The Bank attempts to make quite a lot in the MPS of the idea that capacity pressures are becoming real in New Zealand, while they are largely absent in the rest of the advanced world. They attempt to support that using various international output gap estimates, and their own estimates for New Zealand. As they, and we, know output gap estimates are very imprecise, and prone to considerable revisions over time (especially for estimates of where the economy is right now). For the last five years, the Bank has repeatedly tried to run the line that spare capacity has been used up in New Zealand, only to have to revise those estimates back again. Another way to look at these things is through the lens of unemployment rates, They aren’t a perfect measure, but are often more useful than output gap estimates, and relate back to some specific human concerns – people who are actually out looking for work. Here are the unemployment rates since 2005 for New Zealand, the OECD as a whole, and the G7 as a whole.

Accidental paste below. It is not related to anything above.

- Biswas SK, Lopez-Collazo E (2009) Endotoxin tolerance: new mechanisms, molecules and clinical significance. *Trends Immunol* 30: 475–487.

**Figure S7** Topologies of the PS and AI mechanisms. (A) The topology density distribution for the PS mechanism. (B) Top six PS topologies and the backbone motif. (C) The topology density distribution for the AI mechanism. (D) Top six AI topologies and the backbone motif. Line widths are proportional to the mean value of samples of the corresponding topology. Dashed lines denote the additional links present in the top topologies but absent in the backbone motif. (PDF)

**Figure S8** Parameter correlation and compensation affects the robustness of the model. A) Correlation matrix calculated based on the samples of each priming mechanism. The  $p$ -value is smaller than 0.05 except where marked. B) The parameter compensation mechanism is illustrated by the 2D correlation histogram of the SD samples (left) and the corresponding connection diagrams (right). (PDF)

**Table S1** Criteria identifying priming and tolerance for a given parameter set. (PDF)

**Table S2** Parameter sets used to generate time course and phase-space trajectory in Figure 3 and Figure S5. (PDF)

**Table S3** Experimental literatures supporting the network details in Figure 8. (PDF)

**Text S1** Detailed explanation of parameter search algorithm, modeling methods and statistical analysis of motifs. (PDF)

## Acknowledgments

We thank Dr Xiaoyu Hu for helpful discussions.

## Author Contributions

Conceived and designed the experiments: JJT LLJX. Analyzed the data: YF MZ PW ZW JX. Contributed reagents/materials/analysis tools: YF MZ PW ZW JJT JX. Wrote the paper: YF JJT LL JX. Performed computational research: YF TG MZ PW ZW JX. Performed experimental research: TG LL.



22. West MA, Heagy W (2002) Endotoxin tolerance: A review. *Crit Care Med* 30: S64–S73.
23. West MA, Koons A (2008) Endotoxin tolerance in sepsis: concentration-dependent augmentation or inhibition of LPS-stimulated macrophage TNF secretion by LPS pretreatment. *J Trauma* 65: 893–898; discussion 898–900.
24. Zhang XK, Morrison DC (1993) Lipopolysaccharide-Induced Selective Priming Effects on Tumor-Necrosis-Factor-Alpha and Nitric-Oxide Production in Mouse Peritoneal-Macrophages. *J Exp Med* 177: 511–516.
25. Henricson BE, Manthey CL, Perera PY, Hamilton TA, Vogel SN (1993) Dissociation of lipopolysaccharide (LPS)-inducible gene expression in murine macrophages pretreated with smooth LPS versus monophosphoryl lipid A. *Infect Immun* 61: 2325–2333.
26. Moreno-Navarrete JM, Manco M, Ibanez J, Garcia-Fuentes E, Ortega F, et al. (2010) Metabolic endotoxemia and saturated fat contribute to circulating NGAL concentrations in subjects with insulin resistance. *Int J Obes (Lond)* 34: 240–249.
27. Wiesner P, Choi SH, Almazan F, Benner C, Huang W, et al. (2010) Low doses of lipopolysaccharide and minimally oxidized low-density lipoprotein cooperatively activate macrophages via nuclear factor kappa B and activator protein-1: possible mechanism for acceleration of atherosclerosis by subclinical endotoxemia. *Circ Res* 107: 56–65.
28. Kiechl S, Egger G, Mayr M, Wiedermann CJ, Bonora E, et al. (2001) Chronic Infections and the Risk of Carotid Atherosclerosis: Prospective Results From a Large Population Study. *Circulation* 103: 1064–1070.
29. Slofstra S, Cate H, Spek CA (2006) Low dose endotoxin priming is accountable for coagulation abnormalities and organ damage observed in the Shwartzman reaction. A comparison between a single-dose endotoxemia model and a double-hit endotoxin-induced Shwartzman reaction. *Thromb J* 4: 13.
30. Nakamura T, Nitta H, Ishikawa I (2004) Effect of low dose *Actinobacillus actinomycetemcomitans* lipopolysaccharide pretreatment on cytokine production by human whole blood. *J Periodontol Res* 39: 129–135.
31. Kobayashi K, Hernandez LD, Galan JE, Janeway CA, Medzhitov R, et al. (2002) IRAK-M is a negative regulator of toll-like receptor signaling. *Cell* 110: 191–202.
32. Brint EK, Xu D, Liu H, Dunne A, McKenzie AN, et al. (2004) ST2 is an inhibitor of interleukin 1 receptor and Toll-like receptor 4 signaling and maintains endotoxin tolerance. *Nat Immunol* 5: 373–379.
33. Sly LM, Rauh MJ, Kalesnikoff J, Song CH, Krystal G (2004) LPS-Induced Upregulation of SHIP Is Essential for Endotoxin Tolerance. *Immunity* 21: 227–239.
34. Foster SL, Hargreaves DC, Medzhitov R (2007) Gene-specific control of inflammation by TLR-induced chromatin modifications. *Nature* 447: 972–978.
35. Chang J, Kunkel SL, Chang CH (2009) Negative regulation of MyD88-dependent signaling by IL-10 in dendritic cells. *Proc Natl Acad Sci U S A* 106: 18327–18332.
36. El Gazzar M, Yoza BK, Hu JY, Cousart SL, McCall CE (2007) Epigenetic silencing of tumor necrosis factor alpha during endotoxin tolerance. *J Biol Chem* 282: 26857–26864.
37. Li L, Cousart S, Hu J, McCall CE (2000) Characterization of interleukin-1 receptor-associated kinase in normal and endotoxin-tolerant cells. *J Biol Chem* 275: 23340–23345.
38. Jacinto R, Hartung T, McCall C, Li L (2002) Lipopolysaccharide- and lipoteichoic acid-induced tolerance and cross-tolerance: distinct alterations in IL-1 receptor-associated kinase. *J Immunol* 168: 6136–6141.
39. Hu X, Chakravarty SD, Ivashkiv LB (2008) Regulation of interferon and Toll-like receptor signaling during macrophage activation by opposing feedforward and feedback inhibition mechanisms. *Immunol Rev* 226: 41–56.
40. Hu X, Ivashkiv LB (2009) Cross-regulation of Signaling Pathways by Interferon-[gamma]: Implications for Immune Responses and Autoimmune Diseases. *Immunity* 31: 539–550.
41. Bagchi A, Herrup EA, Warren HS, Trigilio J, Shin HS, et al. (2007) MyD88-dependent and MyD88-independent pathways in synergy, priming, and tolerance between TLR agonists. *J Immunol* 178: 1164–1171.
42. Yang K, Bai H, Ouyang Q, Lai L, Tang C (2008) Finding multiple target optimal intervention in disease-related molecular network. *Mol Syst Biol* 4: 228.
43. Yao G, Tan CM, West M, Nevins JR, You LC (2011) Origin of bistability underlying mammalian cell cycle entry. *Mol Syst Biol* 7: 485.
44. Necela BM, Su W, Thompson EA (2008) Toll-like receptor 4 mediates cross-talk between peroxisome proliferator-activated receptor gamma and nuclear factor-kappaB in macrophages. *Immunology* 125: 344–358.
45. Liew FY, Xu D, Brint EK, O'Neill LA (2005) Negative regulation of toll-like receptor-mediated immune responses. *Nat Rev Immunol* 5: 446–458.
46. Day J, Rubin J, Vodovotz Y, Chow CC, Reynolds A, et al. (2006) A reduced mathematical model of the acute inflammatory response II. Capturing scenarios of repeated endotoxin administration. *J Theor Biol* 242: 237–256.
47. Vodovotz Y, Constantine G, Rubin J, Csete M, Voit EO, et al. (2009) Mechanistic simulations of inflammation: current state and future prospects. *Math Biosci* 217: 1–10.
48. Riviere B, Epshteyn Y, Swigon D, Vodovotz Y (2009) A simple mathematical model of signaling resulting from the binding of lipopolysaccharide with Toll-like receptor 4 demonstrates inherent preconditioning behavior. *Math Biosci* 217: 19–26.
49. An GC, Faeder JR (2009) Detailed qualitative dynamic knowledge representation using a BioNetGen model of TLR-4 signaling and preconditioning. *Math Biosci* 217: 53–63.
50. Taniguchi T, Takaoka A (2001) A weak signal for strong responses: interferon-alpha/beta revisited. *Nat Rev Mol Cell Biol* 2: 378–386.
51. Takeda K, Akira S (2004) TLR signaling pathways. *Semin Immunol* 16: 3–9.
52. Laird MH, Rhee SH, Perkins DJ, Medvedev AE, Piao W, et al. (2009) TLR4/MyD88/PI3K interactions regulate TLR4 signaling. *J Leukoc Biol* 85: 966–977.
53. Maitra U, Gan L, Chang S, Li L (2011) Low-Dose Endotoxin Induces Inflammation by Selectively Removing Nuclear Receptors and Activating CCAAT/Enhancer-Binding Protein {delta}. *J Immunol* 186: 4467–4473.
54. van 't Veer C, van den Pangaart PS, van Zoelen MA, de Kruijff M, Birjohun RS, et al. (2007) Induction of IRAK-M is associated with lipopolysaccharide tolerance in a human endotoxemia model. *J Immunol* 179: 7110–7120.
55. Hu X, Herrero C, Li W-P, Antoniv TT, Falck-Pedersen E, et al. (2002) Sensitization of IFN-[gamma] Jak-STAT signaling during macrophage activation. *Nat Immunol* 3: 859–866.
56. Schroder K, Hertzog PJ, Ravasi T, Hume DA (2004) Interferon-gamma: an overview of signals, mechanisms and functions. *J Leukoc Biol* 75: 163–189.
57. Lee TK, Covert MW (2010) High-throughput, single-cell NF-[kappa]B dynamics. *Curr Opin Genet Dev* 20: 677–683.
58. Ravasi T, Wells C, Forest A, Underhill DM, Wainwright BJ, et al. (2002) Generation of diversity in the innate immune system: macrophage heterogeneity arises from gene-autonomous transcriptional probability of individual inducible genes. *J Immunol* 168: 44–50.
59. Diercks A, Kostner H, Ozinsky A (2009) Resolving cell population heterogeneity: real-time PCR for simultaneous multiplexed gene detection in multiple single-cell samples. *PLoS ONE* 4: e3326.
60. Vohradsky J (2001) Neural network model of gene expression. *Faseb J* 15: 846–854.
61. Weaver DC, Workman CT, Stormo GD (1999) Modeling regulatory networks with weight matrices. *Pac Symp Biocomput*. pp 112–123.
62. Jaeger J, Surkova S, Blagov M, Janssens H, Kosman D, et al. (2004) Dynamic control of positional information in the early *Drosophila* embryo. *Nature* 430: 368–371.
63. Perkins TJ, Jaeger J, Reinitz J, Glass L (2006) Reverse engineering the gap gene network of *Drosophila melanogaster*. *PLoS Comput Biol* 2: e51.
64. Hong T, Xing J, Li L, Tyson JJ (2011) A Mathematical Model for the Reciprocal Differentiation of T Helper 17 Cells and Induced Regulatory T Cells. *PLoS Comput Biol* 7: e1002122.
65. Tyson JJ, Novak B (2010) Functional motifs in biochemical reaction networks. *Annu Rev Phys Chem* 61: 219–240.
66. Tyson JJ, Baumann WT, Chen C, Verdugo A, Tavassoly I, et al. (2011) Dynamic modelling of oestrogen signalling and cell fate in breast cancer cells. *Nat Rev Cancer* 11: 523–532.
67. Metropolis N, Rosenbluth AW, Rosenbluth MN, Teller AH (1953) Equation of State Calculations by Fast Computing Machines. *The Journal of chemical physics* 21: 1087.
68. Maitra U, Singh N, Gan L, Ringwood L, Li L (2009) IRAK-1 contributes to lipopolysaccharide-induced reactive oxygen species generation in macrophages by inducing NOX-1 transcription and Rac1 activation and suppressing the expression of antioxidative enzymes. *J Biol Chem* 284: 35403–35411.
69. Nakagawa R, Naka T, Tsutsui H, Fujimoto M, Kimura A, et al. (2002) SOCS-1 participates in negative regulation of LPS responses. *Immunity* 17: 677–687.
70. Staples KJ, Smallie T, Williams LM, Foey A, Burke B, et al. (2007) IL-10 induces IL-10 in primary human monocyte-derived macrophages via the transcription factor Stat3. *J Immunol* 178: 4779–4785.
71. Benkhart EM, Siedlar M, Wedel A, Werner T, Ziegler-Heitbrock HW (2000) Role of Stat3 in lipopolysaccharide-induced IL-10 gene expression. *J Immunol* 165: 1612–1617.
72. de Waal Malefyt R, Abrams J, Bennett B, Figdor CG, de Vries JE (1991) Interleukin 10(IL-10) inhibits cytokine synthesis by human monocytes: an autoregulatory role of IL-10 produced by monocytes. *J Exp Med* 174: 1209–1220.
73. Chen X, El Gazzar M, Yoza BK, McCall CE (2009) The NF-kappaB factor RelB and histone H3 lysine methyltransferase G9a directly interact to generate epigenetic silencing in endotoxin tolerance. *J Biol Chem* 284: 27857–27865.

New Zealand’s unemployment rate has been consistently below the other lines – not surprising, as we have a more deregulated labour market than most. But all three lines went up a long way during the 2008/09 recession, and there is no sign that New Zealand’s has fallen faster since. If anything, it is rather the reverse. The gap between New Zealand’s unemployment rate and those of the rest of the advanced world is smaller than at any other time in this sample.
The answers to our inflation challenges – getting it up to and keeping it around target – really are in our own hands, or more specifically in the Governor’s hands. We could have had lower interest rates, a lower exchange rate, more demand, lower unemployment, and higher inflation. (And if the powers that be couldn’t fix up housing supply or immigration policy, the Governor could have required banks to hold larger capital buffers in case the domestic housing market caused future loan loss problems).